While the goal of fostering is to reintegrate the child into their family, there are cases when that is difficult.

“In cases where the birth parents have caused grievous harm to the child, or where they have proven that they are unable to look after any child, the child is trapped in the system,” Ms Lim said.

“To me, if there is a child in the system who really has no family, no safe harbour to call home, there are families who are very open and willing to (adopt them).”


Authorised adoptive agencies CNA spoke to were in support of the amendments.

Mr James Tan, CEO of TOUCH Community Services, called the Bill “a step in the right direction”.

“The changes in the Bill allow for more transparent and ethical adoption practices. It also facilitates adoption by clarifying the conditions for dispensation of consent,” he said.

A spokesperson from Fei Yue, which conducts pre-adoption assessments, said that the amendments will ensure that adoption practices in Singapore are better regulated.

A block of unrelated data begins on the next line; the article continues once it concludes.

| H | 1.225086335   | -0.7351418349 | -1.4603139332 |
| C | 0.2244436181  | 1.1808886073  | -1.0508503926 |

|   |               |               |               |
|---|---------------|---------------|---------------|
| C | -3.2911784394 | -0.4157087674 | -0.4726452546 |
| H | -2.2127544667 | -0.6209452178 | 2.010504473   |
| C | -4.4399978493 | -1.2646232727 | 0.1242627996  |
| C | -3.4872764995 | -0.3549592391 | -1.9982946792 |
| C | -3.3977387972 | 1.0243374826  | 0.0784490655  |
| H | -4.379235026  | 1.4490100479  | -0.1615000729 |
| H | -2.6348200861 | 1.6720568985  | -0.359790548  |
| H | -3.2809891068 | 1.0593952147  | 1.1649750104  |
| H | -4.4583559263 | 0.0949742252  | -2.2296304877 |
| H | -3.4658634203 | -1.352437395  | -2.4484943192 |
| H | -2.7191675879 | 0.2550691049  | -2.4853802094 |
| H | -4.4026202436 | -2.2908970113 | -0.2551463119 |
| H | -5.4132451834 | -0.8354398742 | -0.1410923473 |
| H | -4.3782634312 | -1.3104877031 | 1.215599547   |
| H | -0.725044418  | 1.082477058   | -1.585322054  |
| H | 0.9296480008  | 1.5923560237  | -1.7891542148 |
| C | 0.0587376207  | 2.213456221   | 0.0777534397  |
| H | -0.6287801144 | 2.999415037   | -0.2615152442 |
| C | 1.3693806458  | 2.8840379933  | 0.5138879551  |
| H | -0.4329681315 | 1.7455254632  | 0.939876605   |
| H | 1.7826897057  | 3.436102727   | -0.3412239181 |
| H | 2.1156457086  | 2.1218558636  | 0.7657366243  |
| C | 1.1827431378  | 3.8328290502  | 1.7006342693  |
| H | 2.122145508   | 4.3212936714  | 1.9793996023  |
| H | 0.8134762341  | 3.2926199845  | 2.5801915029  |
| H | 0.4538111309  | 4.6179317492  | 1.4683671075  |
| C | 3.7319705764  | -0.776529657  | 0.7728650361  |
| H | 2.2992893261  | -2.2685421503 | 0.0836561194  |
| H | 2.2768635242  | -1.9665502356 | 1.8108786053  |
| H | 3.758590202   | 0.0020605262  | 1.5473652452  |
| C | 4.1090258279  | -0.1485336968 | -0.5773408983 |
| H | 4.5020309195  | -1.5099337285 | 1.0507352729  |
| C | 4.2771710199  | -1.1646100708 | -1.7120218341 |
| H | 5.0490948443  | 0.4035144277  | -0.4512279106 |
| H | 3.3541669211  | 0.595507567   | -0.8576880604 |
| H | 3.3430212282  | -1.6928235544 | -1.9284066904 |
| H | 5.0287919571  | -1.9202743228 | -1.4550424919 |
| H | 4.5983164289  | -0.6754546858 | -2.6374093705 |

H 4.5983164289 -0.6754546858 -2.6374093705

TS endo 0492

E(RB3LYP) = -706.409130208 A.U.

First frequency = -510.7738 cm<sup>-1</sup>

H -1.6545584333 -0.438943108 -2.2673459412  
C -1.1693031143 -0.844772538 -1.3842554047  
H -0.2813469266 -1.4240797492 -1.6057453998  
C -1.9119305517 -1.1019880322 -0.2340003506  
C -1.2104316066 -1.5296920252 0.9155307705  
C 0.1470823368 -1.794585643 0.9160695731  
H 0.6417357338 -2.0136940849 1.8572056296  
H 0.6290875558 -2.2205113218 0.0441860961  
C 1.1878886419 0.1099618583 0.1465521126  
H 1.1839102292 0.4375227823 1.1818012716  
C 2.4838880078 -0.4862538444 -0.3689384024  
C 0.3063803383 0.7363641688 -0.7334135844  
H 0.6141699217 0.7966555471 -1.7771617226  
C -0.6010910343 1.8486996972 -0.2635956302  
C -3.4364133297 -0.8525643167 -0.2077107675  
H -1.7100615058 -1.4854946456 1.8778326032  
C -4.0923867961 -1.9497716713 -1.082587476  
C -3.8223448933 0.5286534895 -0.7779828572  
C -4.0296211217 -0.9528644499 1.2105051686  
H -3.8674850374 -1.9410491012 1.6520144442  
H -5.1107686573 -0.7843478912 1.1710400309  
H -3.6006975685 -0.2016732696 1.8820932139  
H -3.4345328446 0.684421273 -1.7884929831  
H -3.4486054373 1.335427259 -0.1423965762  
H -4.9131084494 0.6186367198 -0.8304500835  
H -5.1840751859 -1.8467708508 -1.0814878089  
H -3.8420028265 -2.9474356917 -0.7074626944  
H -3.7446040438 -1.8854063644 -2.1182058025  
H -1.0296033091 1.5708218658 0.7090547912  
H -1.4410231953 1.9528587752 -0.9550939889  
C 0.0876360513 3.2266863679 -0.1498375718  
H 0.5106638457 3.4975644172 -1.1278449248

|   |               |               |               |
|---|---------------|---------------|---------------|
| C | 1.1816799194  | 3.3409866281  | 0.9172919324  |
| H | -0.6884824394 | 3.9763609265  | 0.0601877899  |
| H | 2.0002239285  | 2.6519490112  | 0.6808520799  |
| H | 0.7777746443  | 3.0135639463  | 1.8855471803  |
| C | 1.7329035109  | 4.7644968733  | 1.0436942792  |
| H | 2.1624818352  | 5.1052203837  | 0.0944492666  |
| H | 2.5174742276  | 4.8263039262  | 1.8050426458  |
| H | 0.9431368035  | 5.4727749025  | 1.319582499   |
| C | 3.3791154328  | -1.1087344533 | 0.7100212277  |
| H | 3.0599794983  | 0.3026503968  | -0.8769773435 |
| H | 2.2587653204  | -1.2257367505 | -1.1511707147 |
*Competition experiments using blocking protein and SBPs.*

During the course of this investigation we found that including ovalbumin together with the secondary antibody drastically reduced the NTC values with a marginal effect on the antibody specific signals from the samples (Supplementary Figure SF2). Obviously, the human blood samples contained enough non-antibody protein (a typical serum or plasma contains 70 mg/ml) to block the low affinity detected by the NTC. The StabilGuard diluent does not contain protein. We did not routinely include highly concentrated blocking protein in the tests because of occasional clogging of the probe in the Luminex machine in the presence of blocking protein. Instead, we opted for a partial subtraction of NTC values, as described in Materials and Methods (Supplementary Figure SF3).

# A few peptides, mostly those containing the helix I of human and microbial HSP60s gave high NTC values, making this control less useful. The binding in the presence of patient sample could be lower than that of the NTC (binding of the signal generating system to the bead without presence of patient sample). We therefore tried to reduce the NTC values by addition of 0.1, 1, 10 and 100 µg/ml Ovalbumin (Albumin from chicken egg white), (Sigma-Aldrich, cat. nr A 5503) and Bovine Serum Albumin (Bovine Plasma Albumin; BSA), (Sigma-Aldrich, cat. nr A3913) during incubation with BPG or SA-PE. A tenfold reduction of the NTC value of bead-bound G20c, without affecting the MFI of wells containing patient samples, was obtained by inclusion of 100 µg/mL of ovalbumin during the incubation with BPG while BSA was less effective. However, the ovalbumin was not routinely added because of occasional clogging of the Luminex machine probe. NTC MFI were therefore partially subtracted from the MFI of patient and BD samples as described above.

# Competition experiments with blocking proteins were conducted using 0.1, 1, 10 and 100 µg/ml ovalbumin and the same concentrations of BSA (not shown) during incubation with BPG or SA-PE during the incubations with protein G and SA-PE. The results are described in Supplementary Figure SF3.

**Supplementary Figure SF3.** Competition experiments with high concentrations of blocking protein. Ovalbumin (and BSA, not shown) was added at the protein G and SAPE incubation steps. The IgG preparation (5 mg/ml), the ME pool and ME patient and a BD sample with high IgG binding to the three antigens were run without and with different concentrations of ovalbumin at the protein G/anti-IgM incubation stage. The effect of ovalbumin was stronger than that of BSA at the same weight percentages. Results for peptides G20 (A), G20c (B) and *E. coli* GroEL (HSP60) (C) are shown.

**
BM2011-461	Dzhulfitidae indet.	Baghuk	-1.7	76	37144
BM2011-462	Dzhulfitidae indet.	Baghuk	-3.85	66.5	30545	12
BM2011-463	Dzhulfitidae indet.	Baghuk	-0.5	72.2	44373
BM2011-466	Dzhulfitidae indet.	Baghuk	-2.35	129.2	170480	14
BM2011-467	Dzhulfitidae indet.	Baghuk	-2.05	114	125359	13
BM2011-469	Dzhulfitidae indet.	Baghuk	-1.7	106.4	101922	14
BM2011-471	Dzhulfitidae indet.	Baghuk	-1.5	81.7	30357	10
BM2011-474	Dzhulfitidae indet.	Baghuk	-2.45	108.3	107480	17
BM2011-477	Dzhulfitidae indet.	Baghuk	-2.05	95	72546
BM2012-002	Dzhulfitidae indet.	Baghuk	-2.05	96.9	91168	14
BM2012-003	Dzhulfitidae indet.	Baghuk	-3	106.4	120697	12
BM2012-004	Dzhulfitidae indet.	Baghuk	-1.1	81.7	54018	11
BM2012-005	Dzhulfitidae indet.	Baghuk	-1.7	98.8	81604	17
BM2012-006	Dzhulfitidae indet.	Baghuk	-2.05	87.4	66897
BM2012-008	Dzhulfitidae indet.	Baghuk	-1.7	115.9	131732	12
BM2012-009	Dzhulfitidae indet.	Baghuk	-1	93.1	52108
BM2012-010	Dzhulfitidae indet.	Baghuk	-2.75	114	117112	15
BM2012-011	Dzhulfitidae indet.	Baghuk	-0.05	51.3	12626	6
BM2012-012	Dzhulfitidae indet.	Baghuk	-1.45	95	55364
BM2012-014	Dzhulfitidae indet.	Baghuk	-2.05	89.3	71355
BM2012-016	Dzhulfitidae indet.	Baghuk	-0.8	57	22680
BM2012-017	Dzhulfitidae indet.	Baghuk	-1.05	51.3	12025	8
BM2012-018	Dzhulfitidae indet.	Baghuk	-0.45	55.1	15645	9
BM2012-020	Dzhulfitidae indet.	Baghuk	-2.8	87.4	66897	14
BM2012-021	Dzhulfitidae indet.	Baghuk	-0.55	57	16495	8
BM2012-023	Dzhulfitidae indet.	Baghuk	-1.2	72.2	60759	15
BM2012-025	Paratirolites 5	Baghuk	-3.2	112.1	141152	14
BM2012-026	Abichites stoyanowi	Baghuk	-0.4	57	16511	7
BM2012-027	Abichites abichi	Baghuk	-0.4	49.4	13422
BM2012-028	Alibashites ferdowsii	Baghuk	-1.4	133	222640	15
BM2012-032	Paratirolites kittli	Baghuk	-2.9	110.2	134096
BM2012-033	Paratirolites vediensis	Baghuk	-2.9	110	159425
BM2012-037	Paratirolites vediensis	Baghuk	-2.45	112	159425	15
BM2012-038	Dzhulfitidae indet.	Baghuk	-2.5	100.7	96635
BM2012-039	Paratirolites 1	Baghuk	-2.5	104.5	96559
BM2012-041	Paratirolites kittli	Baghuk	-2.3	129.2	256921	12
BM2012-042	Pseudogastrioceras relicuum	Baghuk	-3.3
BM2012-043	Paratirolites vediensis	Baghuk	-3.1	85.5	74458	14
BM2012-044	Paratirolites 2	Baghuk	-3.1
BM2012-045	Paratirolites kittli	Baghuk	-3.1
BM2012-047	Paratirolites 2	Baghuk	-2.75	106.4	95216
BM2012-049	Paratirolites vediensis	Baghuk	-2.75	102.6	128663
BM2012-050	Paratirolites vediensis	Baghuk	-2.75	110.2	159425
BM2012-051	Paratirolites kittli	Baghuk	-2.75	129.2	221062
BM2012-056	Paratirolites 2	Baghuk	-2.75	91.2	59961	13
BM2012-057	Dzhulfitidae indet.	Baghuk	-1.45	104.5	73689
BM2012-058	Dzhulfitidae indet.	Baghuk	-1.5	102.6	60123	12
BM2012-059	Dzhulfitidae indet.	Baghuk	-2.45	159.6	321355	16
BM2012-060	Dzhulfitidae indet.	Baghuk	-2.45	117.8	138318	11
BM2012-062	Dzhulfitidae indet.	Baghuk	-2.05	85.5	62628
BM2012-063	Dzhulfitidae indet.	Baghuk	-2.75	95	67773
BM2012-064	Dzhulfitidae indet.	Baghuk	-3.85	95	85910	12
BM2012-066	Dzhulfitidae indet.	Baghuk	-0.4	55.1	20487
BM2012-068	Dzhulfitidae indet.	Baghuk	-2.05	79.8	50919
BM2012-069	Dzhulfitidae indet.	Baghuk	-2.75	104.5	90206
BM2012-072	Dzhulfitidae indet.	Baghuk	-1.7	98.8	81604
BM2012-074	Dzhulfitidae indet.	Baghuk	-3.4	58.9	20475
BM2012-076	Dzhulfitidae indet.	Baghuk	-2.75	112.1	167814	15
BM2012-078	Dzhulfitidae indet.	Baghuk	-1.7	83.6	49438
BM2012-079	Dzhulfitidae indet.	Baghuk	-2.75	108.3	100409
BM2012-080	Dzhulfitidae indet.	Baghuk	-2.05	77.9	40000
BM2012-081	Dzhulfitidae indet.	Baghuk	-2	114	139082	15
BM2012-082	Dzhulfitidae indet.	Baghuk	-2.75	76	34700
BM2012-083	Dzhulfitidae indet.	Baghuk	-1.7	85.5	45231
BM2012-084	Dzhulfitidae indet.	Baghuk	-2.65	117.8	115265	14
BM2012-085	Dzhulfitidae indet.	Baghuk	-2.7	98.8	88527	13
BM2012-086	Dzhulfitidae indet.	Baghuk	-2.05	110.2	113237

“We foresee an increase in the number of applications for a pre-adoption assessment, as this requirement will apply to all prospective adopters after the amendments are operationalised,” said the spokesperson. 

What is to be known as an Adoption Suitability Assessment or ASA helps to determine the prospective adopter’s suitability, readiness and commitment in providing a permanent home to an adopted child. 

Those who wish to adopt children under state care will be thoroughly assessed to ensure that they are able to cope with the higher emotional needs of state care children due to their past trauma, said Fei Yue.

Apkim, which conducts ASAs and facilitates adoption of Muslim children, highlighted that the court can order the child and the adoptive parents to attend counselling, mediation or other relevant programmes under the amended Act, if necessary.

Apkim director Siti Adilah Abu Bakar said that this amendment creates an awareness of the importance and benefits of post-adoption counselling services.

“The amendments will help to ensure that the process of adoption and matching is carried out in a manner that does not exploit or commodify the child,” Ms Siti added.

“Apkim is heartened by the Bill, as it sends a strong signal from the Government that MSF and authorised adoption agencies would continue to work closer and harder to ensure that the adoption practices in Singapore safeguard the welfare of every child identified for adoption.”

Source: CNA/hm(cy)